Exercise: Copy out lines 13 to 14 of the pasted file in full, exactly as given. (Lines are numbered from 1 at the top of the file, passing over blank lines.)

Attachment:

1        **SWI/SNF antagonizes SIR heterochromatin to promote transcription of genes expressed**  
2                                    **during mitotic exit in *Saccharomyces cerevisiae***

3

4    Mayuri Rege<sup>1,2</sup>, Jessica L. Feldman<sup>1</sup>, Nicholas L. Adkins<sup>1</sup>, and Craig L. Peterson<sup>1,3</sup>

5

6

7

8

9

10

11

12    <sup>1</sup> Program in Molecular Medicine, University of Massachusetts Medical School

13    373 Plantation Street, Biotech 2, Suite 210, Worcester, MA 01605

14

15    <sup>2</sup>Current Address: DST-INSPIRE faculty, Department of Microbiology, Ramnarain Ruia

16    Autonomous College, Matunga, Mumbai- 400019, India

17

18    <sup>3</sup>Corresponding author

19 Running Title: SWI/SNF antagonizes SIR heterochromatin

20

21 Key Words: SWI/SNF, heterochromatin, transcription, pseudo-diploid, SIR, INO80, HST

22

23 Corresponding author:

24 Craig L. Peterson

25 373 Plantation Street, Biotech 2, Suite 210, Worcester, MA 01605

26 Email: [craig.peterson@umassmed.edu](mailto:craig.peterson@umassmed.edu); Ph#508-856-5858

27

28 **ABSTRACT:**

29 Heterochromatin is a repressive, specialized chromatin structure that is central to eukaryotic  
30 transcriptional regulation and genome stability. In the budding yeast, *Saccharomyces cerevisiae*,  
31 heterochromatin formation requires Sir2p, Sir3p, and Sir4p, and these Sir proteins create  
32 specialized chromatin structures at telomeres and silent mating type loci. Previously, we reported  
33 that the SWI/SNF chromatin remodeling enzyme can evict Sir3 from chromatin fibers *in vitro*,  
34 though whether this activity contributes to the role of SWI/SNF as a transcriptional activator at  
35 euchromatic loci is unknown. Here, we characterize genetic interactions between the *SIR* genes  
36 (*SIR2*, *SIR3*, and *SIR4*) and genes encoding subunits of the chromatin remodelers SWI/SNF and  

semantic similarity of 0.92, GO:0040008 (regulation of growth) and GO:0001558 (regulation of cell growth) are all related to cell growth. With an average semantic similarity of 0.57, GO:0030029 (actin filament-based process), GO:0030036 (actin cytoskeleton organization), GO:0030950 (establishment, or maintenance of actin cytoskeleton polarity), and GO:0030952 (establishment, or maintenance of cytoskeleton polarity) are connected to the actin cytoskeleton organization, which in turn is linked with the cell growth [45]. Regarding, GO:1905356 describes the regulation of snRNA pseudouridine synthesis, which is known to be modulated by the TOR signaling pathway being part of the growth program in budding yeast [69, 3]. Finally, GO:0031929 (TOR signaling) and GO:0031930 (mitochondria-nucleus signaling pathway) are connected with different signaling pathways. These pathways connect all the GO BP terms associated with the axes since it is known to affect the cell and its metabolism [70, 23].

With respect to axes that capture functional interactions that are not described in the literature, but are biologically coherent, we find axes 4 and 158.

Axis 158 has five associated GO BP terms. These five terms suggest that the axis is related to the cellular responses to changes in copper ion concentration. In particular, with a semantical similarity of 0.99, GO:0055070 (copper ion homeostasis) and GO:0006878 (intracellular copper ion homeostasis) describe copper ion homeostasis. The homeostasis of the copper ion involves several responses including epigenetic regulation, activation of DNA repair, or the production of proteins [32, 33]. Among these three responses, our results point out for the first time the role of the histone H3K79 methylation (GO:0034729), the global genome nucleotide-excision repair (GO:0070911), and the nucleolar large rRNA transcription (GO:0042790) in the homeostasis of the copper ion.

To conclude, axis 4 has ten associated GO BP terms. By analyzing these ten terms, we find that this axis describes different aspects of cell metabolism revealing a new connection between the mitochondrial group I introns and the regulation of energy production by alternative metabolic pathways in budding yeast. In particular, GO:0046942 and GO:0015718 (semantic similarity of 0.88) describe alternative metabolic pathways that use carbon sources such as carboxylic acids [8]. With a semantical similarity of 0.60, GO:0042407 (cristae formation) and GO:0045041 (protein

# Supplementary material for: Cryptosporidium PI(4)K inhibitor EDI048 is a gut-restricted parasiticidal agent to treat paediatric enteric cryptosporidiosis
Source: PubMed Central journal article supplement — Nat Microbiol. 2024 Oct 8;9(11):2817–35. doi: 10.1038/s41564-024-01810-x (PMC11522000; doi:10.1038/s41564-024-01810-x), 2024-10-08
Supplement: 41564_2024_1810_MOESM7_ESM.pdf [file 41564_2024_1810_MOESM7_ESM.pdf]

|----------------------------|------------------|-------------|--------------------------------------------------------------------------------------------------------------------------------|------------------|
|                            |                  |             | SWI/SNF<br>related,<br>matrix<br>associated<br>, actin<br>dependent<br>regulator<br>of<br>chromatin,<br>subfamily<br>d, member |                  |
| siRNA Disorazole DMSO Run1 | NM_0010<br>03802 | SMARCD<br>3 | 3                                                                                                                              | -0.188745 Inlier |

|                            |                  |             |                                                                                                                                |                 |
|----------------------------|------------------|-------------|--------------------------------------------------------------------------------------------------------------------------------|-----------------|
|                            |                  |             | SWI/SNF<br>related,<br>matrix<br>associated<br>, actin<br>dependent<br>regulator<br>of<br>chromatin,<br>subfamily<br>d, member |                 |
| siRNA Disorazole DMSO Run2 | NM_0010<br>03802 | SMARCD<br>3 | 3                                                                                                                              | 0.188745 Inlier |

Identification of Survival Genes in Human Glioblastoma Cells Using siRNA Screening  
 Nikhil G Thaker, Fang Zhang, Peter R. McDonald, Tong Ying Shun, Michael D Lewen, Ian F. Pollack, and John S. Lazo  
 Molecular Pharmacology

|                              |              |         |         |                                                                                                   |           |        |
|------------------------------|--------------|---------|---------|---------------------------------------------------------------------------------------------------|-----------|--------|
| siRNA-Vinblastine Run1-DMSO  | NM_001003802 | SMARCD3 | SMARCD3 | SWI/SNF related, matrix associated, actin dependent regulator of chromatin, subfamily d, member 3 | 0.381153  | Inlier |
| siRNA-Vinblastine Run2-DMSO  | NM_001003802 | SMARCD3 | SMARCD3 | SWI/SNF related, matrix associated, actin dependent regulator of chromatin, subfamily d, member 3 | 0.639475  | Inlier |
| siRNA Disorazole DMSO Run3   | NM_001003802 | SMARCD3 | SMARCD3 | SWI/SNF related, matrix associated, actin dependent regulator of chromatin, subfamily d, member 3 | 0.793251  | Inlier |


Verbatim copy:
13    373 Plantation Street, Biotech 2, Suite 210, Worcester, MA 01605

14